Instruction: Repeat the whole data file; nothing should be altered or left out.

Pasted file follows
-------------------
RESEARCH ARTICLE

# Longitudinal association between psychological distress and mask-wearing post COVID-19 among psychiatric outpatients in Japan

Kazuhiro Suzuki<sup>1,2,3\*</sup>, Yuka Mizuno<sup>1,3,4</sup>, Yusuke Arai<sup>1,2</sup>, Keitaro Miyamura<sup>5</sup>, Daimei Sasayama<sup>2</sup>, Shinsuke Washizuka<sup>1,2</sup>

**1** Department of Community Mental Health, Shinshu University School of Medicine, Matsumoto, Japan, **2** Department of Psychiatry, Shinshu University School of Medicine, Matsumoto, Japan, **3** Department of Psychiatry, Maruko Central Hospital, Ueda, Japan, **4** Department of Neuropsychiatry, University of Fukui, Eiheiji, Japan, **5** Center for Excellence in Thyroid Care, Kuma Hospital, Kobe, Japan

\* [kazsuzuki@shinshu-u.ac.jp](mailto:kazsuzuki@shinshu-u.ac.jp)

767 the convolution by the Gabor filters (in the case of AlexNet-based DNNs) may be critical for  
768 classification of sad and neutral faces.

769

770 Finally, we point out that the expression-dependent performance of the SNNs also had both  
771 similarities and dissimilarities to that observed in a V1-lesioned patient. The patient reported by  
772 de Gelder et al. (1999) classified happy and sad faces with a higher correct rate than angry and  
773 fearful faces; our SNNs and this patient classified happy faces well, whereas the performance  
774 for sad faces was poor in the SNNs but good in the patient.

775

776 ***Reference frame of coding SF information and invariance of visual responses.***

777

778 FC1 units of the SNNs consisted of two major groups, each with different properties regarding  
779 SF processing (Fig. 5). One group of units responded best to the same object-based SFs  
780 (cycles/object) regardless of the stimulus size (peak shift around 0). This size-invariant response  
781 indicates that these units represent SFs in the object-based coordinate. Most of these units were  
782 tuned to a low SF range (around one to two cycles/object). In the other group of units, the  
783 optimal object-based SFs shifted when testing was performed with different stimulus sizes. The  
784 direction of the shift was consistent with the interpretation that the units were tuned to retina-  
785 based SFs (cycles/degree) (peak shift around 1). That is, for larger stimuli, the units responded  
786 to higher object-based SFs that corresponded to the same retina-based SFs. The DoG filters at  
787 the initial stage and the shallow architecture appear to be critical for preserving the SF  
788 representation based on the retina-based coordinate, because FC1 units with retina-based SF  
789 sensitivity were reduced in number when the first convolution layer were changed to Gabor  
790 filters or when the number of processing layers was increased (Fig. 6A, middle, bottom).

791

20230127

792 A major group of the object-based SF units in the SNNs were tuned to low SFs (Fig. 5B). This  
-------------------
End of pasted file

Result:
RESEARCH ARTICLE

# Longitudinal association between psychological distress and mask-wearing post COVID-19 among psychiatric outpatients in Japan

Kazuhiro Suzuki<sup>1,2,3\*</sup>, Yuka Mizuno<sup>1,3,4</sup>, Yusuke Arai<sup>1,2</sup>, Keitaro Miyamura<sup>5</sup>, Daimei Sasayama<sup>2</sup>, Shinsuke Washizuka<sup>1,2</sup>

**1** Department of Community Mental Health, Shinshu University School of Medicine, Matsumoto, Japan, **2** Department of Psychiatry, Shinshu University School of Medicine, Matsumoto, Japan, **3** Department of Psychiatry, Maruko Central Hospital, Ueda, Japan, **4** Department of Neuropsychiatry, University of Fukui, Eiheiji, Japan, **5** Center for Excellence in Thyroid Care, Kuma Hospital, Kobe, Japan

\* [kazsuzuki@shinshu-u.ac.jp](mailto:kazsuzuki@shinshu-u.ac.jp)

767 the convolution by the Gabor filters (in the case of AlexNet-based DNNs) may be critical for  
768 classification of sad and neutral faces.

769

770 Finally, we point out that the expression-dependent performance of the SNNs also had both  
771 similarities and dissimilarities to that observed in a V1-lesioned patient. The patient reported by  
772 de Gelder et al. (1999) classified happy and sad faces with a higher correct rate than angry and  
773 fearful faces; our SNNs and this patient classified happy faces well, whereas the performance  
774 for sad faces was poor in the SNNs but good in the patient.

775

776 ***Reference frame of coding SF information and invariance of visual responses.***

777

778 FC1 units of the SNNs consisted of two major groups, each with different properties regarding  
779 SF processing (Fig. 5). One group of units responded best to the same object-based SFs  
780 (cycles/object) regardless of the stimulus size (peak shift around 0). This size-invariant response  
781 indicates that these units represent SFs in the object-based coordinate. Most of these units were  
782 tuned to a low SF range (around one to two cycles/object). In the other group of units, the  
783 optimal object-based SFs shifted when testing was performed with different stimulus sizes. The  
784 direction of the shift was consistent with the interpretation that the units were tuned to retina-  
785 based SFs (cycles/degree) (peak shift around 1). That is, for larger stimuli, the units responded  
786 to higher object-based SFs that corresponded to the same retina-based SFs. The DoG filters at  
787 the initial stage and the shallow architecture appear to be critical for preserving the SF  
788 representation based on the retina-based coordinate, because FC1 units with retina-based SF  
789 sensitivity were reduced in number when the first convolution layer were changed to Gabor  
790 filters or when the number of processing layers was increased (Fig. 6A, middle, bottom).

791

20230127

792 A major group of the object-based SF units in the SNNs were tuned to low SFs (Fig. 5B). This  